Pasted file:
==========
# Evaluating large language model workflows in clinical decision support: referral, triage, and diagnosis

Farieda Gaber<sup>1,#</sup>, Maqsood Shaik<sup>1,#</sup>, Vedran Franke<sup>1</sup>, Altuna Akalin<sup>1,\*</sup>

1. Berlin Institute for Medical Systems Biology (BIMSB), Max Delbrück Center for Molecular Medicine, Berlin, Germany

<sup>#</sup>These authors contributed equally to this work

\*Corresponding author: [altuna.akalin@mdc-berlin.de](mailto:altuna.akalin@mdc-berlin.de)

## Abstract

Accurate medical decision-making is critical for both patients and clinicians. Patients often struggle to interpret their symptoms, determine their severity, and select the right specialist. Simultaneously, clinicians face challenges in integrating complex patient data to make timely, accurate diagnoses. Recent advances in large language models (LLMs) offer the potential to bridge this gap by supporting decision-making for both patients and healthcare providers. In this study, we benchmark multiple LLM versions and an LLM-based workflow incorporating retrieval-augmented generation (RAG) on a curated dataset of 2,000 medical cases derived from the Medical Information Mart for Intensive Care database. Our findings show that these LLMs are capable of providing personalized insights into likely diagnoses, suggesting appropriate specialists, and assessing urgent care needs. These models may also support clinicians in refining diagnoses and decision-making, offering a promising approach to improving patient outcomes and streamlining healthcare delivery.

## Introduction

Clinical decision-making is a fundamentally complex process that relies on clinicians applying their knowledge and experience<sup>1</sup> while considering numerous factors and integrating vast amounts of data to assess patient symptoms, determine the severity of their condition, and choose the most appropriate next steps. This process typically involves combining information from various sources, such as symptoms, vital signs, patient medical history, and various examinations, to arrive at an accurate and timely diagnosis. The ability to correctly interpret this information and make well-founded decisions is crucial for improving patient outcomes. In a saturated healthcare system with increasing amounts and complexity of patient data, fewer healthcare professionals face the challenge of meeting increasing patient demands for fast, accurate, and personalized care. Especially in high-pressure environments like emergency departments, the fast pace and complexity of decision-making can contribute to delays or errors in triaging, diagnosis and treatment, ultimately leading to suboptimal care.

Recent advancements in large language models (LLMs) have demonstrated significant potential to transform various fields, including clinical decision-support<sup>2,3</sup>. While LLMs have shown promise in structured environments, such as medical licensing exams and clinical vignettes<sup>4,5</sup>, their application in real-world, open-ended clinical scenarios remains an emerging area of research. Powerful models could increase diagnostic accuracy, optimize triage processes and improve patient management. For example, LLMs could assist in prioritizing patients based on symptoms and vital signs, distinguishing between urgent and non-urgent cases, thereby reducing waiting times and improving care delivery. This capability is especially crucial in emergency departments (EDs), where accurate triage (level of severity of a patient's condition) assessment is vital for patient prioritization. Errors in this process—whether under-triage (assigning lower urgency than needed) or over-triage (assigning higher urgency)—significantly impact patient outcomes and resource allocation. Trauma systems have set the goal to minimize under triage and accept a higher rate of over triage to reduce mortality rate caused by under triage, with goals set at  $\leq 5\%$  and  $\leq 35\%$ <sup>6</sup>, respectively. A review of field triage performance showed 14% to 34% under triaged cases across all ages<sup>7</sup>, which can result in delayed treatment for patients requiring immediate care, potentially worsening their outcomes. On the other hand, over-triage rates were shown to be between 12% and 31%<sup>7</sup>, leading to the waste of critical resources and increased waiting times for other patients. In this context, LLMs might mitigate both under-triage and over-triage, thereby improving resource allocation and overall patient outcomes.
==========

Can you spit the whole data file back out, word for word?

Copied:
# Evaluating large language model workflows in clinical decision support: referral, triage, and diagnosis

Farieda Gaber<sup>1,#</sup>, Maqsood Shaik<sup>1,#</sup>, Vedran Franke<sup>1</sup>, Altuna Akalin<sup>1,\*</sup>

1. Berlin Institute for Medical Systems Biology (BIMSB), Max Delbrück Center for Molecular Medicine, Berlin, Germany

<sup>#</sup>These authors contributed equally to this work

\*Corresponding author: [altuna.akalin@mdc-berlin.de](mailto:altuna.akalin@mdc-berlin.de)

## Abstract

Accurate medical decision-making is critical for both patients and clinicians. Patients often struggle to interpret their symptoms, determine their severity, and select the right specialist. Simultaneously, clinicians face challenges in integrating complex patient data to make timely, accurate diagnoses. Recent advances in large language models (LLMs) offer the potential to bridge this gap by supporting decision-making for both patients and healthcare providers. In this study, we benchmark multiple LLM versions and an LLM-based workflow incorporating retrieval-augmented generation (RAG) on a curated dataset of 2,000 medical cases derived from the Medical Information Mart for Intensive Care database. Our findings show that these LLMs are capable of providing personalized insights into likely diagnoses, suggesting appropriate specialists, and assessing urgent care needs. These models may also support clinicians in refining diagnoses and decision-making, offering a promising approach to improving patient outcomes and streamlining healthcare delivery.

## Introduction

Clinical decision-making is a fundamentally complex process that relies on clinicians applying their knowledge and experience<sup>1</sup> while considering numerous factors and integrating vast amounts of data to assess patient symptoms, determine the severity of their condition, and choose the most appropriate next steps. This process typically involves combining information from various sources, such as symptoms, vital signs, patient medical history, and various examinations, to arrive at an accurate and timely diagnosis. The ability to correctly interpret this information and make well-founded decisions is crucial for improving patient outcomes. In a saturated healthcare system with increasing amounts and complexity of patient data, fewer healthcare professionals face the challenge of meeting increasing patient demands for fast, accurate, and personalized care. Especially in high-pressure environments like emergency departments, the fast pace and complexity of decision-making can contribute to delays or errors in triaging, diagnosis and treatment, ultimately leading to suboptimal care.

Recent advancements in large language models (LLMs) have demonstrated significant potential to transform various fields, including clinical decision-support<sup>2,3</sup>. While LLMs have shown promise in structured environments, such as medical licensing exams and clinical vignettes<sup>4,5</sup>, their application in real-world, open-ended clinical scenarios remains an emerging area of research. Powerful models could increase diagnostic accuracy, optimize triage processes and improve patient management. For example, LLMs could assist in prioritizing patients based on symptoms and vital signs, distinguishing between urgent and non-urgent cases, thereby reducing waiting times and improving care delivery. This capability is especially crucial in emergency departments (EDs), where accurate triage (level of severity of a patient's condition) assessment is vital for patient prioritization. Errors in this process—whether under-triage (assigning lower urgency than needed) or over-triage (assigning higher urgency)—significantly impact patient outcomes and resource allocation. Trauma systems have set the goal to minimize under triage and accept a higher rate of over triage to reduce mortality rate caused by under triage, with goals set at  $\leq 5\%$  and  $\leq 35\%$ <sup>6</sup>, respectively. A review of field triage performance showed 14% to 34% under triaged cases across all ages<sup>7</sup>, which can result in delayed treatment for patients requiring immediate care, potentially worsening their outcomes. On the other hand, over-triage rates were shown to be between 12% and 31%<sup>7</sup>, leading to the waste of critical resources and increased waiting times for other patients. In this context, LLMs might mitigate both under-triage and over-triage, thereby improving resource allocation and overall patient outcomes.